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Sports managers are among the most important professionals in sports today. While you might ooh and ahh over the physical feats of your favorite athletes, successes and failures are more often thanks to the work of sports managers – months or years in advance – than to the competitors on TV.

If this makes you interested in becoming a sports manager, you aren’t alone. The sports industry in general is growing at a significant clip, and available sports management positions are expected to expand in the next decade or so. Now is a good time to invest in sports management education, perhaps by pursuing a sports management online master’s degree while you gain internships and entry-level work in the field.

It’s not a good idea to rush into sports management without taking this step. There are several mistakes you can make when building a career in sports management, and most of them will cripple your ability to find the success you crave. Here are a few of the biggest mistakes to avoid in these early stages of your career.

1. Forgetting to Think Long-term

You might want to get into sports management now, while your passion for sports is burning its hottest, but the truth is rushing into this field without developing a long-term career plan is a major blunder. You need to equip yourself with the right skills and knowledge to excel in sports management by earning first a bachelor’s in a related field like business administration.

Later, you should return to school for a sports management online master’s degree, which will hone your existing abilities for use in the athletics industry. Both of these educational experiences will give you credentials that your competitors in the field might lack, and they introduce you to valuable contacts who will help you climb the career ladder.

Additionally, once you begin working as a sports manager, you should think long-term in your workplace decisions. For instance, it might not be wise to trade a handful of high-performing players for one untested first-round draft pick. When the future of an athletic franchise depends on these kinds of calls, you must work with your team (of athletes and administrators) to determine the best long-term strategy.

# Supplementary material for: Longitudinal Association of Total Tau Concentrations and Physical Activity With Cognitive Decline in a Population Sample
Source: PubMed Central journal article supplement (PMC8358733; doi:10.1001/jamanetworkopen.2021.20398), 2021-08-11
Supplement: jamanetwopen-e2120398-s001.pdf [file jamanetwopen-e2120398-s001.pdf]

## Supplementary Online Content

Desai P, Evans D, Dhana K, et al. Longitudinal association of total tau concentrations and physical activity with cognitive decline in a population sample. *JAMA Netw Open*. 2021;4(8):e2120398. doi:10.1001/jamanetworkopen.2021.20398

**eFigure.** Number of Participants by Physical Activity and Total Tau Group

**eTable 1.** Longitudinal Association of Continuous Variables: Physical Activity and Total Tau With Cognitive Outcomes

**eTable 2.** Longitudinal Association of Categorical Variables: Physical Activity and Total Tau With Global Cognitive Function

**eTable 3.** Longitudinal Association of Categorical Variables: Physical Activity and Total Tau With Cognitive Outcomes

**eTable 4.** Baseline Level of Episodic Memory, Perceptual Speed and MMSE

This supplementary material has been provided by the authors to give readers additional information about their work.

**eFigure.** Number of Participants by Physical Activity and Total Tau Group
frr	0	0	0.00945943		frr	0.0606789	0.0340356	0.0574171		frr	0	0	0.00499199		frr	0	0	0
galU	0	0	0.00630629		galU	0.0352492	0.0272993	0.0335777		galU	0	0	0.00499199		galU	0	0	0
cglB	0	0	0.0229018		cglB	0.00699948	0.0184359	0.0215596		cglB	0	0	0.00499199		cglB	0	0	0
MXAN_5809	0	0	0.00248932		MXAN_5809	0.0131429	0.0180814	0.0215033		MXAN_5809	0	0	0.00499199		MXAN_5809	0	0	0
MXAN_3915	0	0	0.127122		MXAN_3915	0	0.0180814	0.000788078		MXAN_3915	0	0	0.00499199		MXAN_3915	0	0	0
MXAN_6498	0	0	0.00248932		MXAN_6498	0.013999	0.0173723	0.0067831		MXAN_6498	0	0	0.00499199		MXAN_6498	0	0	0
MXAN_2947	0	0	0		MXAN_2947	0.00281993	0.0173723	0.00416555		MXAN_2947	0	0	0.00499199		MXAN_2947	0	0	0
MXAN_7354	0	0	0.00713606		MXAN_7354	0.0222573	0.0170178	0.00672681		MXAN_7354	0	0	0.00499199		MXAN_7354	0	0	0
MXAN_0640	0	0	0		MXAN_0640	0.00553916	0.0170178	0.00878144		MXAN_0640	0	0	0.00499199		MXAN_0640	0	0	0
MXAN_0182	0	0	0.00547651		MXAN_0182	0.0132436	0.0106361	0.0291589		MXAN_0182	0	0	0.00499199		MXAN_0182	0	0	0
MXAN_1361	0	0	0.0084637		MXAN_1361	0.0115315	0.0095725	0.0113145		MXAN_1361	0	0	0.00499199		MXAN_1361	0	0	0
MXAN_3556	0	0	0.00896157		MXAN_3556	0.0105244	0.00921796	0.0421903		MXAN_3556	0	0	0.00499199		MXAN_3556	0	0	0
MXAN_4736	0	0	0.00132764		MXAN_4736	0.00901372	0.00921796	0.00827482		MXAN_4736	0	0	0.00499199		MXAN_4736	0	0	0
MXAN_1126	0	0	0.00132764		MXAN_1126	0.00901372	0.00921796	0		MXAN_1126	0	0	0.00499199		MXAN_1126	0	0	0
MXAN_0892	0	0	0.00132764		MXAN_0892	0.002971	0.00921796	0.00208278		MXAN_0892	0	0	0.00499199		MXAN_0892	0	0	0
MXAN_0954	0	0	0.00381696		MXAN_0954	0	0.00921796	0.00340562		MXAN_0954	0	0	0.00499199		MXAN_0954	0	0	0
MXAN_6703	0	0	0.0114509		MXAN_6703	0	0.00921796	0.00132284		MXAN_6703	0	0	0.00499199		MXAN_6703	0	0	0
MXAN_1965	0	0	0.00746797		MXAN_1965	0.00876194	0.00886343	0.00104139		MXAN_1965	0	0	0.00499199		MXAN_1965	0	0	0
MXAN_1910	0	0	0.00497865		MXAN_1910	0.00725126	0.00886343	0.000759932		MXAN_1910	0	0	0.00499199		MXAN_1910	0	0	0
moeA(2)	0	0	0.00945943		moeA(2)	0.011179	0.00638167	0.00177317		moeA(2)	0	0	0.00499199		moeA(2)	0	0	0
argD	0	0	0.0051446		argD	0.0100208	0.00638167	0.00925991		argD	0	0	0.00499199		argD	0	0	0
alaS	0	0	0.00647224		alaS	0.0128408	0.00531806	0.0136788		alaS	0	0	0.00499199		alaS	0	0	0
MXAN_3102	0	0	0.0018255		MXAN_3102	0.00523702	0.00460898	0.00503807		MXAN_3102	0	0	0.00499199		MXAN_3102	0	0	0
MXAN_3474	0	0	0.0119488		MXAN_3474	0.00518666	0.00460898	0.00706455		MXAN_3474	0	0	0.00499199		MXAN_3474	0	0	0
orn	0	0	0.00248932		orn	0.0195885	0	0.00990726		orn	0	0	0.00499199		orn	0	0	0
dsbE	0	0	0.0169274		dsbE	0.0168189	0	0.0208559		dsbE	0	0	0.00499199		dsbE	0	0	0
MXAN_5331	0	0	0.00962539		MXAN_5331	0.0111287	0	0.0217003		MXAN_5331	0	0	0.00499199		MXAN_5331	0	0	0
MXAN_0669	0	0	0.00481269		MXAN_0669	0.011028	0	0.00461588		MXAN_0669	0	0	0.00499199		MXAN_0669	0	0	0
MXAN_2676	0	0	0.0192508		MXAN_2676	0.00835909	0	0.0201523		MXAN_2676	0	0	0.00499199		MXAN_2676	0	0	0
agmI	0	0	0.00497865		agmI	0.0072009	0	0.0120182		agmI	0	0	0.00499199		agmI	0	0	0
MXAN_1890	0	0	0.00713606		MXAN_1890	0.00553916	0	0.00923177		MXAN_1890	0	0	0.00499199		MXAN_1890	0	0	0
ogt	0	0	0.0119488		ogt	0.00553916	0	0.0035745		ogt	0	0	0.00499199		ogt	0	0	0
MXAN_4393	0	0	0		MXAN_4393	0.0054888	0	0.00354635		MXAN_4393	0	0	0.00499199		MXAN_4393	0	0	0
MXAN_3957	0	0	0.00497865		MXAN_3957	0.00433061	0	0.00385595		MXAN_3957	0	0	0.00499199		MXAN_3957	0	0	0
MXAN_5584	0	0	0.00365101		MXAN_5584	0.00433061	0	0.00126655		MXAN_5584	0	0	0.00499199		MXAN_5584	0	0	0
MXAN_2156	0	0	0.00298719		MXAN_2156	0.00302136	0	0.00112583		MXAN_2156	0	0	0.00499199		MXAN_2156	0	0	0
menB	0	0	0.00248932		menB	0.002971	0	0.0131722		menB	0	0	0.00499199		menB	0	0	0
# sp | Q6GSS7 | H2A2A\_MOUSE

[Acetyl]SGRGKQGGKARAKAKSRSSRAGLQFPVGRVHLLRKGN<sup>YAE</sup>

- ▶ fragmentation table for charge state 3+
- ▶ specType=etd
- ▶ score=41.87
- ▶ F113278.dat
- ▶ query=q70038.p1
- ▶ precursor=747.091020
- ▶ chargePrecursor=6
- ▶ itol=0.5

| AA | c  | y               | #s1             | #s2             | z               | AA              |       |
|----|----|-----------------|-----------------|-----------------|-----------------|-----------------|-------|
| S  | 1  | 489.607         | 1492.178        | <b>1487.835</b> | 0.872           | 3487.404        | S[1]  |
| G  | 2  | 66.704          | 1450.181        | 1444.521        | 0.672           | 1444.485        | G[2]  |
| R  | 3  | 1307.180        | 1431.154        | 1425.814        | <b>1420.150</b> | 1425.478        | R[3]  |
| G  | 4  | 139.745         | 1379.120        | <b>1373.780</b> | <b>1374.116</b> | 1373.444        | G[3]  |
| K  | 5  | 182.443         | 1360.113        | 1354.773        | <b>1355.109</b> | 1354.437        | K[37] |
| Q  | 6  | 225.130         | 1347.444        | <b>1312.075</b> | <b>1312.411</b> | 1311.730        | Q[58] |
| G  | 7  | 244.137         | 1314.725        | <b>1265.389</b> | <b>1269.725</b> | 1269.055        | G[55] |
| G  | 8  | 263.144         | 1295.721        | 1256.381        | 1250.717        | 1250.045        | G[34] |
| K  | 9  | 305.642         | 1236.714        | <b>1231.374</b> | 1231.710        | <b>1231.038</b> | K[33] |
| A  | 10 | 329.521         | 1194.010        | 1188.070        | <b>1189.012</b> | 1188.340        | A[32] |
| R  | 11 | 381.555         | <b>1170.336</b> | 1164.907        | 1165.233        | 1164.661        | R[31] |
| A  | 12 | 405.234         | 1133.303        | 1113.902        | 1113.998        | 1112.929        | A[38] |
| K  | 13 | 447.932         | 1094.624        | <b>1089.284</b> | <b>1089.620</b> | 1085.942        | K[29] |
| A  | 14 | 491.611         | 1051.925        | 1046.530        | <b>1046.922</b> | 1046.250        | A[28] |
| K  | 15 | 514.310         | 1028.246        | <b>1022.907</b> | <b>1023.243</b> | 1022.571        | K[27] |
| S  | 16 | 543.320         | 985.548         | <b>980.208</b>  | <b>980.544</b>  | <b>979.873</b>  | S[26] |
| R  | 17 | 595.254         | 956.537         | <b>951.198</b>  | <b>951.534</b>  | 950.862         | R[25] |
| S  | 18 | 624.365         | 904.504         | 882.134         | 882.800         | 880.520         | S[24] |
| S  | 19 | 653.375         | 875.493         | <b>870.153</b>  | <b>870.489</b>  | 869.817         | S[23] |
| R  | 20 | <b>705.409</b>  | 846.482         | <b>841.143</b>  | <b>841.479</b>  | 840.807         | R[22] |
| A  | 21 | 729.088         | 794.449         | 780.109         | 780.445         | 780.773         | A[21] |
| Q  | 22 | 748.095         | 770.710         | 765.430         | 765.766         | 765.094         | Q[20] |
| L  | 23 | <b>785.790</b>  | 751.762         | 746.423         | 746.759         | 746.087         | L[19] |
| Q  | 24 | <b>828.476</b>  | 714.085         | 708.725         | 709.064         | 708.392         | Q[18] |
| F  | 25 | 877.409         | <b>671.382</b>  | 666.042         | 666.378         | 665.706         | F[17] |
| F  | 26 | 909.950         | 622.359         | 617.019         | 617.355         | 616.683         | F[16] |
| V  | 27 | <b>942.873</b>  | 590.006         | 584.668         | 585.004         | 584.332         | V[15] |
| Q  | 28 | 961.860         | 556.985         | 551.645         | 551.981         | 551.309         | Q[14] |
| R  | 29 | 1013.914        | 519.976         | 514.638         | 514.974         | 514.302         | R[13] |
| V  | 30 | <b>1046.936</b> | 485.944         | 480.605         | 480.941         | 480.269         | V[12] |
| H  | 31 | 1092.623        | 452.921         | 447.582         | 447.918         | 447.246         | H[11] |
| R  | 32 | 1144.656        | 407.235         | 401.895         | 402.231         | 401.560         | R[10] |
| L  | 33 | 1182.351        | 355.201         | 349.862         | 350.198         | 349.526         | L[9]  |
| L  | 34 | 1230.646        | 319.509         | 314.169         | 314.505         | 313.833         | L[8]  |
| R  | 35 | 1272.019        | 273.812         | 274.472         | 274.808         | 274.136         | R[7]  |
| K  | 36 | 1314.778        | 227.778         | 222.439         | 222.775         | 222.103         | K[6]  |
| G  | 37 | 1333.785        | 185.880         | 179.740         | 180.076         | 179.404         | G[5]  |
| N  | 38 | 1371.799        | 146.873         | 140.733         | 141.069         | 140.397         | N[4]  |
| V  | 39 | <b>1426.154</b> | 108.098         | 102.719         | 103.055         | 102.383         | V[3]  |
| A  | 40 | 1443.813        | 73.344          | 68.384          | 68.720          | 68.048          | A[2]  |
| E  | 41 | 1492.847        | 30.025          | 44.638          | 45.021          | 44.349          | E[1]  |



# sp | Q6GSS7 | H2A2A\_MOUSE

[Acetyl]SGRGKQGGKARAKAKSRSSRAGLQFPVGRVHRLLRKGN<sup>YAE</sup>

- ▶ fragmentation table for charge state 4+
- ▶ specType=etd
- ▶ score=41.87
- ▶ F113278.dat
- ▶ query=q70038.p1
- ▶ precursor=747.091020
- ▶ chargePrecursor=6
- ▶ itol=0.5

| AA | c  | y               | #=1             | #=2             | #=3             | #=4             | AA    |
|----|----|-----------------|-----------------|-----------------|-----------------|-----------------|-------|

2. Ignoring Big Risks While Chasing Big Rewards

Sports as a whole is built on the excitement of risk. What are the risks of the QB throwing the ball as opposed to handing it off? What are the risks of sprinting at the beginning of the race to develop a lead as opposed to sprinting at the end to close any gaps? What are the risks of a splitter, a curveball, a changeup or a slider?

It isn’t a good idea to ignore risk as a sports manager – not only because one’s career is devoted to the risky field of sports but also because rolling the dice without calculating the risk is a good way to get fired from this position. Sports managers should chase big rewards, but only if they have the data to back up their decisions.

Thus, as you begin to build your sports management career, you should recognize and use risk to your advantage – without plunging your athletes or team into such great risk that the rewards are few.

3. Taking Every Little Thing Personally

3 Big Mistakes That Ruin Sports Management Careers | CareerMetis.com

Ultimately, sports is a business. In your personal life, you can live and die by the successes and failures of your favorite athletes and teams, but as a sports manager, you must recognize that not every move you or those around you make is personal.

A good example of this mistake comes from the legend of sports management himself, Billy Beane. Though Beane is known as one of the most talented executives in sports – he was even commemorated in “Moneyball” and played by Brad Pitt – he has made some questionable trades for the Oakland Athletics, some of which seem to be led by his personal feelings instead of his professional skill.

To avoid this behavior, you should surround yourself with experts in data and sports who can weigh in on potential moves. This way, you will be better equipped to avoid acting rashly on human emotion and in the end make a decision that will truly benefit your athlete, team, or franchise.

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